In court documents and at a hearing where former National Security Advisor Mike Flynn entered a guilty plea for lying to the FBI, Special Counsel Robert Mueller’s team said that other officials in President Trump’s transition team were aware of and even directed Flynn’s backchannel communications with the Russian ambassador to the United States before Trump’s inauguration.
Flynn has now admitted that in a voluntary Jan. 24 interview with FBI he made false statements about a push by the Trump transition team to persuade officials from a foreign government to delay or defeat a United Nations Security Council vote on a resolution to condemn Israeli settlements. Flynn also has admitted he lied to FBI agents about a previously reported conversation he had with the ambassador, Sergey Kislyak, on Dec. 29 about sanctions the Obama administration was imposing on Russia at the time.
In both instances, Mueller alleged that at least another member of the Trump transition team was involved in Flynn’s plans to talk to Kislyak about the UN vote and the sanctions. The allegations undermine the response offered Friday by White House attorney Ty Cobb to news of Flynn’s guilty plea. “Nothing about the guilty plea or the charge implicates anyone other than Mr. Flynn,” Cobb said in a statement before the full range of Mueller’s allegations became public.
According to prosecutors, after Egypt submitted the UN resolution on Israeli settlements on Dec. 21, “a very senior member” of Trump’s transition team “instructed” Flynn to “contact officials from foreign governments, including Russia, to learn where each government stood on the resolution and to influence those governments to delay the vote or defeat the resolution.”
Flynn went on to discuss the vote with Kislyak on Dec. 22, and informed him that Trump’s incoming administration opposed it, according to prosecutors. Kisylak informed him the next day that Russia would not vote against the resolution, Mueller’s team said.
About a week later, as the Obama administration was getting ready to impose sanctions on Russia related to its interference in the 2016 election, Kislyak reached out to Flynn. The next day, Dec. 29, according to prosecutors, Flynn called a senior presidential transition team official who Mueller dubs the “PTT official.” The official, who was at Mar-A-Lago with other members of Trump’s transition team, discussed with Flynn what he should communicate to Kislyak, prosecutors said.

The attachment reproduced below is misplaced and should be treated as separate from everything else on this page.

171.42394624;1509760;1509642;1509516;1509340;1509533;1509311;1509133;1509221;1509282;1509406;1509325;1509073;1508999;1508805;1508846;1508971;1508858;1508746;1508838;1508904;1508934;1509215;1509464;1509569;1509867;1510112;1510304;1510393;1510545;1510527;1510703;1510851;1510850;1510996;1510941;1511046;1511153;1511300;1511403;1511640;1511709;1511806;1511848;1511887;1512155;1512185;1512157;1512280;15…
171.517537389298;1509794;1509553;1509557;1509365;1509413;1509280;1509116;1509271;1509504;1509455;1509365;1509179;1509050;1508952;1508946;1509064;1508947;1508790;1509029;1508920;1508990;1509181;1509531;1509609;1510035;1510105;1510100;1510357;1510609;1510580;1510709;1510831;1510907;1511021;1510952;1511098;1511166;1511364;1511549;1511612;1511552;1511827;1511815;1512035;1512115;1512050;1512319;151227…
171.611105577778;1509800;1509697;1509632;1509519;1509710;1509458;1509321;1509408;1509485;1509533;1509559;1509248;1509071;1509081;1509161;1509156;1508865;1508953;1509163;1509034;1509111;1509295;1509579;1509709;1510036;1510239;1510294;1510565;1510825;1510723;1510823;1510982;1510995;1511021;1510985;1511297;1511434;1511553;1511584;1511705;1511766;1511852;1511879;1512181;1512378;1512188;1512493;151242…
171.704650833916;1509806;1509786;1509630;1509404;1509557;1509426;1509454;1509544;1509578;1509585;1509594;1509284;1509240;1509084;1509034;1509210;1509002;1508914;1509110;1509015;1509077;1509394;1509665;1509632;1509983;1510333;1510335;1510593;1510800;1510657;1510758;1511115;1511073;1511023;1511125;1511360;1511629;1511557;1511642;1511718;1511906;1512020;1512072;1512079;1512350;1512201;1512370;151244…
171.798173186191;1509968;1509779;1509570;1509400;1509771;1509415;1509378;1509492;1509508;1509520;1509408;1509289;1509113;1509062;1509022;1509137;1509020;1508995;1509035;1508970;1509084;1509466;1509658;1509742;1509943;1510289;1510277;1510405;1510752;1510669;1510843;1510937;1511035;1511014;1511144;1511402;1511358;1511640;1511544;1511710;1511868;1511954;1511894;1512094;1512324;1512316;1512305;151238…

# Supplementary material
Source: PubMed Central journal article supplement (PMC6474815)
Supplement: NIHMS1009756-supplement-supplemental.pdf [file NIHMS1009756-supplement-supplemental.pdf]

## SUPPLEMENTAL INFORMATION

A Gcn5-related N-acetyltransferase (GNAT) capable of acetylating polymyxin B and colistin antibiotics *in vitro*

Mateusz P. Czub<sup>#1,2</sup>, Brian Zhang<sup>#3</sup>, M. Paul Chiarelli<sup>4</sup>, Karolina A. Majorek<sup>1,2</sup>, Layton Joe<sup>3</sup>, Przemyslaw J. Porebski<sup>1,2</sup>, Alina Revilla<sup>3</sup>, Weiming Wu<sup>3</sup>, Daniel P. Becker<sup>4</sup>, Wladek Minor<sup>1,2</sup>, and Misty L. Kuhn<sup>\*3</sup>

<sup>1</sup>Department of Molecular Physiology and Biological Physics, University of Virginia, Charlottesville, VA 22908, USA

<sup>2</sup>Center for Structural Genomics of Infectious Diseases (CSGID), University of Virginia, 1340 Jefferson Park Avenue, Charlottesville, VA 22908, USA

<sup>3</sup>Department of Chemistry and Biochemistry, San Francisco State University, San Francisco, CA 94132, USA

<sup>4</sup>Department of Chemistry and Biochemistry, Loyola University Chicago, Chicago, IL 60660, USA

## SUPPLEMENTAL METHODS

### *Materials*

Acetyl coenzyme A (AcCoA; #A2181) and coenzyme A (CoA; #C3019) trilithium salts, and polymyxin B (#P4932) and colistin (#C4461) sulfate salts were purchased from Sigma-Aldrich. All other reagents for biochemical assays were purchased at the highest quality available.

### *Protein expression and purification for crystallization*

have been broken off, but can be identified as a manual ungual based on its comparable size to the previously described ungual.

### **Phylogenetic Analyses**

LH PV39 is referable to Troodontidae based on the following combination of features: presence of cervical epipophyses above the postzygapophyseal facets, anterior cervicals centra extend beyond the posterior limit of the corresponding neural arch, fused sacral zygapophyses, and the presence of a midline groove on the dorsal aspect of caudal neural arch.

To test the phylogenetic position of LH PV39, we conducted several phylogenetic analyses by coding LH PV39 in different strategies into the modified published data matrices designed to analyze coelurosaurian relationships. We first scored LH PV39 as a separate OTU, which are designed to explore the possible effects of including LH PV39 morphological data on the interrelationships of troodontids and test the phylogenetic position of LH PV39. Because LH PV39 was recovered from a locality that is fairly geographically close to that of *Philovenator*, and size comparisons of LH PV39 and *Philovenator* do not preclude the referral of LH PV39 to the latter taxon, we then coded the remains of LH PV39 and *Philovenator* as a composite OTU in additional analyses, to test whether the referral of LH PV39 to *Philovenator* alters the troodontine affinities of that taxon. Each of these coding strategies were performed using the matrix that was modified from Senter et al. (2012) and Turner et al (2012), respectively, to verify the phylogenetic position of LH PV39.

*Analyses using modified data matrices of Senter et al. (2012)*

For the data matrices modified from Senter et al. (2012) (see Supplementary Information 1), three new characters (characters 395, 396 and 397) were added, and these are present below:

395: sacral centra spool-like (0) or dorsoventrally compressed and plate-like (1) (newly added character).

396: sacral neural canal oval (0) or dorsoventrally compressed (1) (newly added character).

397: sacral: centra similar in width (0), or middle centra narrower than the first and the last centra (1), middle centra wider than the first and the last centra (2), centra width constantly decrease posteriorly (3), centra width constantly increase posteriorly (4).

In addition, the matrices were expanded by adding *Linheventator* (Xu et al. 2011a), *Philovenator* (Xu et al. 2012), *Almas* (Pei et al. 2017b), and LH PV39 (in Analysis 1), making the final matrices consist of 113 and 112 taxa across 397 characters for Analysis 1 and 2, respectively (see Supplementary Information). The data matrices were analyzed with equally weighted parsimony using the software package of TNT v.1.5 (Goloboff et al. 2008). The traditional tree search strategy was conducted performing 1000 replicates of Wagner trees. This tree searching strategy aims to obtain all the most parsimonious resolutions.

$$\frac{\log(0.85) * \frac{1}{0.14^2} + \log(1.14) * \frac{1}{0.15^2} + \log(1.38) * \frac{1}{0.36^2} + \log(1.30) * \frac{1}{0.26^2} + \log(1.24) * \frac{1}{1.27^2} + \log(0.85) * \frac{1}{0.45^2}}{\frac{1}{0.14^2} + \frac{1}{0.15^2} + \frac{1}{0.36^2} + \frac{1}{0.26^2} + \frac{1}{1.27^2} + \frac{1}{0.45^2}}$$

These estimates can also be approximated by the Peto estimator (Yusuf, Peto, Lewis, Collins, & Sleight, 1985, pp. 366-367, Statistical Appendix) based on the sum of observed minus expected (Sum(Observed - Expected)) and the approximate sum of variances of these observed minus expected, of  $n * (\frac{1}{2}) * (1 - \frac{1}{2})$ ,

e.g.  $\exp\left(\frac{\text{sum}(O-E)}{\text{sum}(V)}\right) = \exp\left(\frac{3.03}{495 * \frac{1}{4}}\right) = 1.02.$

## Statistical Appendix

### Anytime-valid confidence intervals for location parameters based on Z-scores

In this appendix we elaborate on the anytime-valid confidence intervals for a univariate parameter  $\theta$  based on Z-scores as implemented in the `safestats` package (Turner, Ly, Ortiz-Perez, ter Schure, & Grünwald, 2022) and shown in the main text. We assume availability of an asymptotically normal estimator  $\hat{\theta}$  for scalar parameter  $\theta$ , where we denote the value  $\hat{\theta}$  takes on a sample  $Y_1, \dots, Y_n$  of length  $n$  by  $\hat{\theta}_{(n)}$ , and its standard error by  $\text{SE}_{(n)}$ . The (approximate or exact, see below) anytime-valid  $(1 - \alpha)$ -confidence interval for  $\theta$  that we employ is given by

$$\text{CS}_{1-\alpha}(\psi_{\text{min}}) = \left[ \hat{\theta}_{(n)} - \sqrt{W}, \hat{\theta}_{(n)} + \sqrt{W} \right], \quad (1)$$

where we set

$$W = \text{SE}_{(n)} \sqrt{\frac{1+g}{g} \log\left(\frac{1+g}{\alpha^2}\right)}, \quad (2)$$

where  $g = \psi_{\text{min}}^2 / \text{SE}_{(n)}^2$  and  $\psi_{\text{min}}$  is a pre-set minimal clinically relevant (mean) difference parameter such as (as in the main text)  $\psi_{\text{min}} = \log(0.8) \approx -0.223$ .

“The PTT official and Flynn also discussed that the members of the presidential transition team at Mar-A-Lago did not want Russia to escalate the situation,” Mueller’s court documents said.
Flynn called Kislyak immediately after his call with the official, where he asked that Russia not escalate the situation in its response to the sanctions, according to prosecutors. Flynn spoke to the transition official shortly thereafter, according to prosectors, to debrief the official on the call with Kislyak.
Kislyak called Flynn again on Dec. 31 to inform him Russia would not escalate its response, and after the call, “Flynn spoke with senior members of the Presidential Transition Team” about his conversations with the ambassador about the sanctions, the Mueller filing said.
The latest moves by Mueller add significant details to what we know about the Trump team’s backchannel diplomacy push during the UN vote and Flynn’s sanctions-related conversations with Kislyak, which led to his firing in February.
The Trump transition team’s scrambling to interfere with the Dec. 23 U.N vote had been reported more broadly by Foreign Policy. According to the magazine, the transition team begged Obama’s State Department to hand over the contact information of the foreign officials representing the countries involved in the vote (the State Department declined, according to FP).
Former South Carolina Gov. Nikki Haley, who would go on to be Trump’s UN envoy, called Obama’s UN ambassador Samantha Power on both her office and cell phone (Power did not respond, according to FP).
Foreign Policy also reported that Flynn reached out to officials from Uruguay and Malaysia about the vote, but in Mueller’s documents, Flynn also admits that Russia was part of his outreach efforts.
Flynn’s sanctions conversation with Kislyak was initially reported by the Washington Post and the New York Times; an official told the Post that “Kislyak was left with the impression that the sanctions would be revisited at a later time.”
The revelations on Friday go a step further, by detailing Kislyak’s response to Flynn’s request. Kislyak had also denied discussing sanctions with Flynn.
The biggest bombshell, however, is that Flynn was by no means a rogue freelancer in his efforts to undermine the Obama administration’s diplomacy; by Flynn’s own admission, other members of Trump’s transition team had condoned and even encouraged his backchannel communications.
Read Flynn’s statement of offense, filed by Mueller’s team, below: